Another scenario is when you are applying to a specialized major or program, and one section score is significantly more relevant than the other. In this circumstance, the scenario of mismatched scores above could actually work to your favor. If you are applying to an engineering program and your composite score is competitive, the admissions committee will likely be impressed by an exceptionally high math score, even if your language scores suffer somewhat. If this case, it is not your general abilities across the board that they are interested in so much as your specific abilities in your intended field.

 

The final reason that an admissions committee might choose to review your section scores would be to further screen your strength as a candidate. If they cannot make a decision about your candidacy and are scrutinizing the finer details of your application, it’s likely that they will look at your SAT section scores. In this case, obviously it is best to present no obvious weaknesses, but sometimes factors that you cannot control will come into play. For example, they may be dealing with a pool of accepted candidates that is particularly strong in math and wish to level it out a bit with some more language-oriented applicants.

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Are there cases when my section scores may matter outside of college admissions?

Anytime that you submit your SAT scores, your section scores could possibly be reviewed. This means that they are potentially relevant on applications for scholarships, summer programs, and even internships.

 

In these cases, your section score most closely related to the subject area or field of work will probably matter most. If there is not an obvious favored section, then it’s best to present well-balanced section scores for these purposes.

 

When should I retake the SAT to improve a specific section score?

The most obvious reason to retake the SAT to improve in one section is if your composite score is still not where you’d like it to be. If you score near an 800 in Math, but only a 580 in Reading and Writing, your composite score will be a 1380. This isn’t a bad score, but increasing your reading score by 80-100 points is a very feasible goal when you’re starting from 580, and a composite score of 1480 will be far more competitive than your previous 1380.

 

Another reason to retake the SAT to improve one specific section is if you know that that section is highly relevant to your application. If you’re applying to a specific program directly related to that section, your single section score could become highly relevant. You’ll want to make sure that it’s as competitive, if not more so, than your composite score.

 

Finally, even if you aren’t applying to a specific major or program, if you plan to pursue a field closely related to a specific section (such as an engineering internship or summer math program), you’ll want to be sure that your section score is competitive enough to qualify you for the programs in which you might be interested.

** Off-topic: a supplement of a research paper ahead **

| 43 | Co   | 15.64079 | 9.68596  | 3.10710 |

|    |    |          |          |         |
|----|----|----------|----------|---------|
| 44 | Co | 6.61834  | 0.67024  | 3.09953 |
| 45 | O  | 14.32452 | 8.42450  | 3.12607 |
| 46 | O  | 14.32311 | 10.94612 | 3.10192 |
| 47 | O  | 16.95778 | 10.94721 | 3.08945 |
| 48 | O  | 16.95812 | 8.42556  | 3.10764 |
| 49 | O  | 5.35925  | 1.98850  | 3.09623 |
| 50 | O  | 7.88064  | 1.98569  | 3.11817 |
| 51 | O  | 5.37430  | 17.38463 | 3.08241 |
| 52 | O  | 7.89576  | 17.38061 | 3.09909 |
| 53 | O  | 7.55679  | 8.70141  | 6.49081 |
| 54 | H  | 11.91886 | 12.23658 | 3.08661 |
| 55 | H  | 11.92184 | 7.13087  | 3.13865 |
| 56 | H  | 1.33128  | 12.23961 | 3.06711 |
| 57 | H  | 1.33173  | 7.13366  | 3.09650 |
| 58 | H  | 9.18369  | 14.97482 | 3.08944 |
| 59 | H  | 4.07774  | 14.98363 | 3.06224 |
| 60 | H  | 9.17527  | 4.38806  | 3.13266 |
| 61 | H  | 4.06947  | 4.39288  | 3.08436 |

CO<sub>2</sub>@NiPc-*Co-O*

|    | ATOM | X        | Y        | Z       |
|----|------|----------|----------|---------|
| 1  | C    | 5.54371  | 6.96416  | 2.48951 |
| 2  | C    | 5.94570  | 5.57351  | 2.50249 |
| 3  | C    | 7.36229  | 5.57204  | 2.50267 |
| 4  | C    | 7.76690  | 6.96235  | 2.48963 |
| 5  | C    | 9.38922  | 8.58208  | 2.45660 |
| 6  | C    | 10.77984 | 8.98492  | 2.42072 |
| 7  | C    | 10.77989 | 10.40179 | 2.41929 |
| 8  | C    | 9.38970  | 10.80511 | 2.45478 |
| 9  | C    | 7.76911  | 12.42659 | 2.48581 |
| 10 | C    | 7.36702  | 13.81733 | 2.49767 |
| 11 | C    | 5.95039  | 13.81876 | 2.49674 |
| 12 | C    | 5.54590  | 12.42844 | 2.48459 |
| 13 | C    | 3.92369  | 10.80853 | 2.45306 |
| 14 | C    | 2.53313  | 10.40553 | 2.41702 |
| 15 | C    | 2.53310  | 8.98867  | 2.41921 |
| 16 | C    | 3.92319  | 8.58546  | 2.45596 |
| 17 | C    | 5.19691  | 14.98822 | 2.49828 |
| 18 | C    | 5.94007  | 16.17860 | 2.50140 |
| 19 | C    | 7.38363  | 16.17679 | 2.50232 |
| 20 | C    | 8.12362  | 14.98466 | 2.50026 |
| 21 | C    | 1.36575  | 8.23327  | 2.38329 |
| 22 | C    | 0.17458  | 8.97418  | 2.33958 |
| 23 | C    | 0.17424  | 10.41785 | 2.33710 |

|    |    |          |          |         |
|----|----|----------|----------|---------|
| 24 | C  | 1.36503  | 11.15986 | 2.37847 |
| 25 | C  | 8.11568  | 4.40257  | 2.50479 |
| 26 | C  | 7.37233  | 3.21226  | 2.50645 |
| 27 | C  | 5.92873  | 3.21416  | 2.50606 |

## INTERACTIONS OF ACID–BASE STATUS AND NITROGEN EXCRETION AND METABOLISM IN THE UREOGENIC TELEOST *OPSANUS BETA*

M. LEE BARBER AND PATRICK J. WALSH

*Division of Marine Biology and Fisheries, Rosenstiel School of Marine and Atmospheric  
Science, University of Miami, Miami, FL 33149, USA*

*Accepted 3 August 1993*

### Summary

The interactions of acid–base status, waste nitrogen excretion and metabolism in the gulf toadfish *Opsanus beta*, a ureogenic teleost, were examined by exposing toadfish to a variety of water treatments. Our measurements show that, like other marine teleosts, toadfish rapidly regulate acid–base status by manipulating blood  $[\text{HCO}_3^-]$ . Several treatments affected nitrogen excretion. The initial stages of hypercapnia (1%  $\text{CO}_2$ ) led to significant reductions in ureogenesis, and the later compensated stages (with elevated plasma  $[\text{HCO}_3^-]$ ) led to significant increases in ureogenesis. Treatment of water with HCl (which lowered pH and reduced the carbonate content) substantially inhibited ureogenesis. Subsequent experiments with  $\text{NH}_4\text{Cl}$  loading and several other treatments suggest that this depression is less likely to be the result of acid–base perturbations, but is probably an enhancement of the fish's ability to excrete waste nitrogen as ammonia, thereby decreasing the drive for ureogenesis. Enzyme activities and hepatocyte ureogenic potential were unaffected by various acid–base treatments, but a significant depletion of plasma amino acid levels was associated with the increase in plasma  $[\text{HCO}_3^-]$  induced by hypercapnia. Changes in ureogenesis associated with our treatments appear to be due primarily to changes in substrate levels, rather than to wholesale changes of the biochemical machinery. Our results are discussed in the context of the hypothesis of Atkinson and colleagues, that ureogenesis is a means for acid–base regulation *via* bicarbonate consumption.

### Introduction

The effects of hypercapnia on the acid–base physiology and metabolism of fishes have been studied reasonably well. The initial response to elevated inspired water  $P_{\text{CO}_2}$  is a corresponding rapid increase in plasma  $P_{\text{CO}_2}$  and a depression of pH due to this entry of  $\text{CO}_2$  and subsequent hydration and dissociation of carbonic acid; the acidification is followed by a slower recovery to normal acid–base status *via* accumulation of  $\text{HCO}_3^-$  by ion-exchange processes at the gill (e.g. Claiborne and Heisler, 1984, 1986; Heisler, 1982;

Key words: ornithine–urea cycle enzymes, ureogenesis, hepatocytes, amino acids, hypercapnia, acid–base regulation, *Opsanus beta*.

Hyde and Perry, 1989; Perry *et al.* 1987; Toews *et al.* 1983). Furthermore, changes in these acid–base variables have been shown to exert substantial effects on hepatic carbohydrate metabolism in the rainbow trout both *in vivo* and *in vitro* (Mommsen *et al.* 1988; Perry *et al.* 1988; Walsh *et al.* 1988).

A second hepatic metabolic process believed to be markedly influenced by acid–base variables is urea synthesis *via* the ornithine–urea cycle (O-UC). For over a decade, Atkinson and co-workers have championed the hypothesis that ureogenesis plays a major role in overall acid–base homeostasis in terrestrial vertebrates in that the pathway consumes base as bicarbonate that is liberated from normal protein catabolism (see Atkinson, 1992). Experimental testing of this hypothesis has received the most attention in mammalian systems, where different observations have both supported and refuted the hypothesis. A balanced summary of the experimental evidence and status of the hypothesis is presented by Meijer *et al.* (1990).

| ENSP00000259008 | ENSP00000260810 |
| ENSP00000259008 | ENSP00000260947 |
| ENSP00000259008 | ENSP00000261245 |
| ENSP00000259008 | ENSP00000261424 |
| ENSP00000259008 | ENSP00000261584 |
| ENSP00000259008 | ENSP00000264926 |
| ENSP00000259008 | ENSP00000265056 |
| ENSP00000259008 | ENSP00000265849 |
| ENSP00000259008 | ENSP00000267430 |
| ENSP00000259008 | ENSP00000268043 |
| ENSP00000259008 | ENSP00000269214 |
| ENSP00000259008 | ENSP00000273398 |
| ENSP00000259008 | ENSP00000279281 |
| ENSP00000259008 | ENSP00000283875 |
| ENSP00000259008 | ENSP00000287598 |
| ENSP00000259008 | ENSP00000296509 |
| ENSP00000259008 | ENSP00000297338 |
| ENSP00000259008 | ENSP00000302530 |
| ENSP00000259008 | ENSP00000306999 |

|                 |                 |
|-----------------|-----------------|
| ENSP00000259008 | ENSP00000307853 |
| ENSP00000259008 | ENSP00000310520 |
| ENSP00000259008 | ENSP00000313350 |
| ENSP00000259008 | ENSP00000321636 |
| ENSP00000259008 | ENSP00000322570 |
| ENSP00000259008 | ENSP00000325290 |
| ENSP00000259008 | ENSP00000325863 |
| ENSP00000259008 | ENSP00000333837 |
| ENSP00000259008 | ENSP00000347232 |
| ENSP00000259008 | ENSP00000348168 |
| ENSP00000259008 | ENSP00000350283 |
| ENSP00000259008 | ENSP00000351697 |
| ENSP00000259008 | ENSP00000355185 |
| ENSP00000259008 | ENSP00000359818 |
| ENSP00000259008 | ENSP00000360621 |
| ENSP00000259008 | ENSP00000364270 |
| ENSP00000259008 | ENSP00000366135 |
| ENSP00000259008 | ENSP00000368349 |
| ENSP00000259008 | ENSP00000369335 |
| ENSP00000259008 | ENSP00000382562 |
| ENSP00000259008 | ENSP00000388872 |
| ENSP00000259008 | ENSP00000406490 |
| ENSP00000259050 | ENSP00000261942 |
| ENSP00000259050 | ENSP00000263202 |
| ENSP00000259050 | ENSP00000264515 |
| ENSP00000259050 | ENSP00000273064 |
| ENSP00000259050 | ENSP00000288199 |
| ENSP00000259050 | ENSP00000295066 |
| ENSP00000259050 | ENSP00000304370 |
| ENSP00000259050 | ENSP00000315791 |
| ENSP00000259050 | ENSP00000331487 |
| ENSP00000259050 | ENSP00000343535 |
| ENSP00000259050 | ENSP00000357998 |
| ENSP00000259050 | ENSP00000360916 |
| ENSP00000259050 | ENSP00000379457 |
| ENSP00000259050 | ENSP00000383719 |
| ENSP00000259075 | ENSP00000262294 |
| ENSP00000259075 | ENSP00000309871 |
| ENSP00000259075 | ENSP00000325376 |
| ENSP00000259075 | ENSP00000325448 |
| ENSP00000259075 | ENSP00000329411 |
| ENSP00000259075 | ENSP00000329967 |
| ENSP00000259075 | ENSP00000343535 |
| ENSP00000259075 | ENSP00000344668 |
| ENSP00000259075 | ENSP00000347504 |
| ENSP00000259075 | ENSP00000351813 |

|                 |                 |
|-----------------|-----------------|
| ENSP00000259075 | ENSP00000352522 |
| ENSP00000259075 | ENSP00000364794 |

Ultimately, how your SAT scores are weighed and taken into account on your college applications or elsewhere will depend on a number of different factors. Different schools will place more or less weight on different sections according to their specific priorities or needs as an institution, while other schools will review composite scores as an initial screening, viewing your section scores only later in the application process. 

 

SAT scores can be a source of stress for even the most successful students. There are very few tests you’ll take in your life whose results will be as closely scrutinized as your SAT scores. It bears remembering, though, that ultimately an SAT score is simply a number. It might be considered on your college applications, and it may not be. Regardless, it certainly doesn’t define your worth as a student or your potential to succeed.

 

If you have more questions about SAT scores or preparation, or you are interested in our full-service, customized SAT tutoring, head over to CollegeVine’s SAT Tutoring Program, where the brightest and most qualified tutors in the industry guide students to an average score increase of 140 points.

 

To get started with your studying, check out these free CollegeVine SAT study resources:

 

 

To learn more about the SAT, check out these CollegeVine posts:

 

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Kate Sundquist

Kate Sundquist

Senior Blogger at CollegeVine
Kate Koch-Sundquist is a graduate of Pomona College where she studied sociology, psychology, and writing before going on to receive an M.Ed. from Lesley University. After a few forays into living abroad and afloat (sometimes at the same time), she now makes her home north of Boston where she works as a content writer and, with her husband, raises two young sons who both inspire her and challenge her on a daily basis.
Kate Sundquist